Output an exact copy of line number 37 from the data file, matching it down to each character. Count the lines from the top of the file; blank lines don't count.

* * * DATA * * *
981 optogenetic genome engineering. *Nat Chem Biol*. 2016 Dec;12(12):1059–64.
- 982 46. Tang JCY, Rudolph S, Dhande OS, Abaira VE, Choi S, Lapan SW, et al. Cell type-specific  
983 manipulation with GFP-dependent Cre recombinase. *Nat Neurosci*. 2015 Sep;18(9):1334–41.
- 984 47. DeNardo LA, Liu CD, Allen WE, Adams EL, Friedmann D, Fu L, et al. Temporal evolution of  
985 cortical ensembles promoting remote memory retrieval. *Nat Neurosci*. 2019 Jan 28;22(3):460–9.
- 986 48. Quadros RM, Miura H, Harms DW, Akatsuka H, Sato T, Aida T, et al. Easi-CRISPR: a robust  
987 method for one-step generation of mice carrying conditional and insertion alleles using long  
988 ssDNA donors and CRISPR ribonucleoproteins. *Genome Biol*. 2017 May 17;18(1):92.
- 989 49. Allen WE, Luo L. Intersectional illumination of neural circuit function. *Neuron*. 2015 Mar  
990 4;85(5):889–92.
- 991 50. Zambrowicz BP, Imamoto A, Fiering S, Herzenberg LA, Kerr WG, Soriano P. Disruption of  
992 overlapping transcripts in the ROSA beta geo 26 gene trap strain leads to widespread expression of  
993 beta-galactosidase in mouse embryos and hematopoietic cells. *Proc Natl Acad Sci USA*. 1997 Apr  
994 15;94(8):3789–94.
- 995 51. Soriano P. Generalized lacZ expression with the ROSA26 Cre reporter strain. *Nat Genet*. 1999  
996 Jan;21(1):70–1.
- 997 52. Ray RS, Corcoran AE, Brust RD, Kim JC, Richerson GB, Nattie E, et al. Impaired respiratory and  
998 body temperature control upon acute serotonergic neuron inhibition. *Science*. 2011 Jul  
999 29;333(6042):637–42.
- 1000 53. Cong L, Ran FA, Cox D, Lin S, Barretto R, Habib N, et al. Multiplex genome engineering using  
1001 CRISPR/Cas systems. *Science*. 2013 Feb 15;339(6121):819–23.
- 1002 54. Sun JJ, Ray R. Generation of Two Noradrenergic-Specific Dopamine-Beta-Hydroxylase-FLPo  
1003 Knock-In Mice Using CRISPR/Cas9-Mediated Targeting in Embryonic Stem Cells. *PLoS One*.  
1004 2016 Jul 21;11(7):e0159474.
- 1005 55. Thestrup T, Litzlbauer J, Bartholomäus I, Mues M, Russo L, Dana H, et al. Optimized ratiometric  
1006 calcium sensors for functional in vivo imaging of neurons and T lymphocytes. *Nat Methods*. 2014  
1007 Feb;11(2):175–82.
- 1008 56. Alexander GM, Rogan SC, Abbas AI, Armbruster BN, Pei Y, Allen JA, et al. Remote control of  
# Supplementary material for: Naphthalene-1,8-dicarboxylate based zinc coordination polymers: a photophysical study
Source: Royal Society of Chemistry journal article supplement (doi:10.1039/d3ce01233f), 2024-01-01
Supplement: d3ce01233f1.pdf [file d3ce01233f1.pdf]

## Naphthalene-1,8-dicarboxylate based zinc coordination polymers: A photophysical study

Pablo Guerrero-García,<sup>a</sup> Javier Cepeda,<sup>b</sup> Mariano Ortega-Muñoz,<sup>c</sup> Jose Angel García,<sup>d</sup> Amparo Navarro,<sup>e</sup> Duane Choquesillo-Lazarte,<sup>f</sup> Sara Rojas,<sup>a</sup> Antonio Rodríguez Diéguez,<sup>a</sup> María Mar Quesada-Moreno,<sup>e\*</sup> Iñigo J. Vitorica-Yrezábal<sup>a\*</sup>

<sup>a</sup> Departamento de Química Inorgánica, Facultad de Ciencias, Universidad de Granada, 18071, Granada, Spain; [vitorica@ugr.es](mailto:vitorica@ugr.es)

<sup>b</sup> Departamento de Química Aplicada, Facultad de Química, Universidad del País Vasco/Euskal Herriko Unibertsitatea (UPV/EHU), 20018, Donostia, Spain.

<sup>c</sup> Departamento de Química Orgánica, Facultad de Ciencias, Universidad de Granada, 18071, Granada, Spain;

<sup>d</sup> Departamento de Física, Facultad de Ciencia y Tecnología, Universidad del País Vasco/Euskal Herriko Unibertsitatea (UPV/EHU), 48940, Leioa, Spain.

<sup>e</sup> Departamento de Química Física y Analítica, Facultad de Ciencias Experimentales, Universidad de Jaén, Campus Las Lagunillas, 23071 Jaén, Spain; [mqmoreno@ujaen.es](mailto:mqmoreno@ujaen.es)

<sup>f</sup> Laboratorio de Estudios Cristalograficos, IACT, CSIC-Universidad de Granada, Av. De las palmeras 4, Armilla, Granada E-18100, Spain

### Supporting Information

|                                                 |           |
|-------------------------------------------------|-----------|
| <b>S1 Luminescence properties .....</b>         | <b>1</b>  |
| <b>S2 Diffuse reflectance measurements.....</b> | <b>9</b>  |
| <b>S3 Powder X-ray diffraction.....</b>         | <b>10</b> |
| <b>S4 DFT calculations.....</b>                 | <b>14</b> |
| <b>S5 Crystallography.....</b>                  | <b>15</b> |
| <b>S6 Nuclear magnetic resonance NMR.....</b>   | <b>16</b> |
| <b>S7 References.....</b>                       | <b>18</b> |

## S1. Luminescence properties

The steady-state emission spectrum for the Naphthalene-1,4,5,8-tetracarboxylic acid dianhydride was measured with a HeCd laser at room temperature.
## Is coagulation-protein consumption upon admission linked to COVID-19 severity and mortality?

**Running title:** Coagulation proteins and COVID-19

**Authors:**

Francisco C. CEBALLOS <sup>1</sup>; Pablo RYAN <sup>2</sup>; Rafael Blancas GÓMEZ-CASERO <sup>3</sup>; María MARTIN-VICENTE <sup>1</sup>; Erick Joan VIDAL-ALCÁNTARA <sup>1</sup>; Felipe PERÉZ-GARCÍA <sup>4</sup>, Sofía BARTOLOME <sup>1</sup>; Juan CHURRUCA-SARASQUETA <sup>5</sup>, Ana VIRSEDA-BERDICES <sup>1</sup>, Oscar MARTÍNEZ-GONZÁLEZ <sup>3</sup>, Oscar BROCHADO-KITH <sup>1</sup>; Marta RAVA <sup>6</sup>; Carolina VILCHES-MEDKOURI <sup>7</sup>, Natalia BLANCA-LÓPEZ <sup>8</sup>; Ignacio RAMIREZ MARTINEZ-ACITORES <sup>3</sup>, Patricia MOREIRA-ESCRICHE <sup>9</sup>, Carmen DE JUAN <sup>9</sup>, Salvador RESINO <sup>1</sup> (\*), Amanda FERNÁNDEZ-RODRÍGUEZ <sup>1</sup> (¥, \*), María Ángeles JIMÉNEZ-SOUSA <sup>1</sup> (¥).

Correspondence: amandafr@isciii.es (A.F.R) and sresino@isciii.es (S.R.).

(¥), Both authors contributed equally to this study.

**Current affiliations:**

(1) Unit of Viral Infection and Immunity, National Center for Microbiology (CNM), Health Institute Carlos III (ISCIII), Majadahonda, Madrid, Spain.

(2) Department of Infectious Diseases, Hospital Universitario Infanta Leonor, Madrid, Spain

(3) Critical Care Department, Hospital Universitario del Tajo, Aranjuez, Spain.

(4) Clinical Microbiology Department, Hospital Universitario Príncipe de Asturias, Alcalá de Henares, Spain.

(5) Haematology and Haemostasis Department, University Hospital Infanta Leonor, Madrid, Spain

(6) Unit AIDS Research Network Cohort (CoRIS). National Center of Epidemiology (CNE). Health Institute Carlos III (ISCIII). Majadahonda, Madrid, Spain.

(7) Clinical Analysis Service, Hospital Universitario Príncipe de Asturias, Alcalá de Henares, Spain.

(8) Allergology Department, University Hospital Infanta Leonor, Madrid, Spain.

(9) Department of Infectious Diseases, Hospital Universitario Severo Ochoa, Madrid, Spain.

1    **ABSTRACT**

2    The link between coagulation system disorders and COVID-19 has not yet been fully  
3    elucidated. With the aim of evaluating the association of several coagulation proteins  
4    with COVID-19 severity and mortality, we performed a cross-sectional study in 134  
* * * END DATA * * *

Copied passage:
<sup>d</sup> Departamento de Física, Facultad de Ciencia y Tecnología, Universidad del País Vasco/Euskal Herriko Unibertsitatea (UPV/EHU), 48940, Leioa, Spain.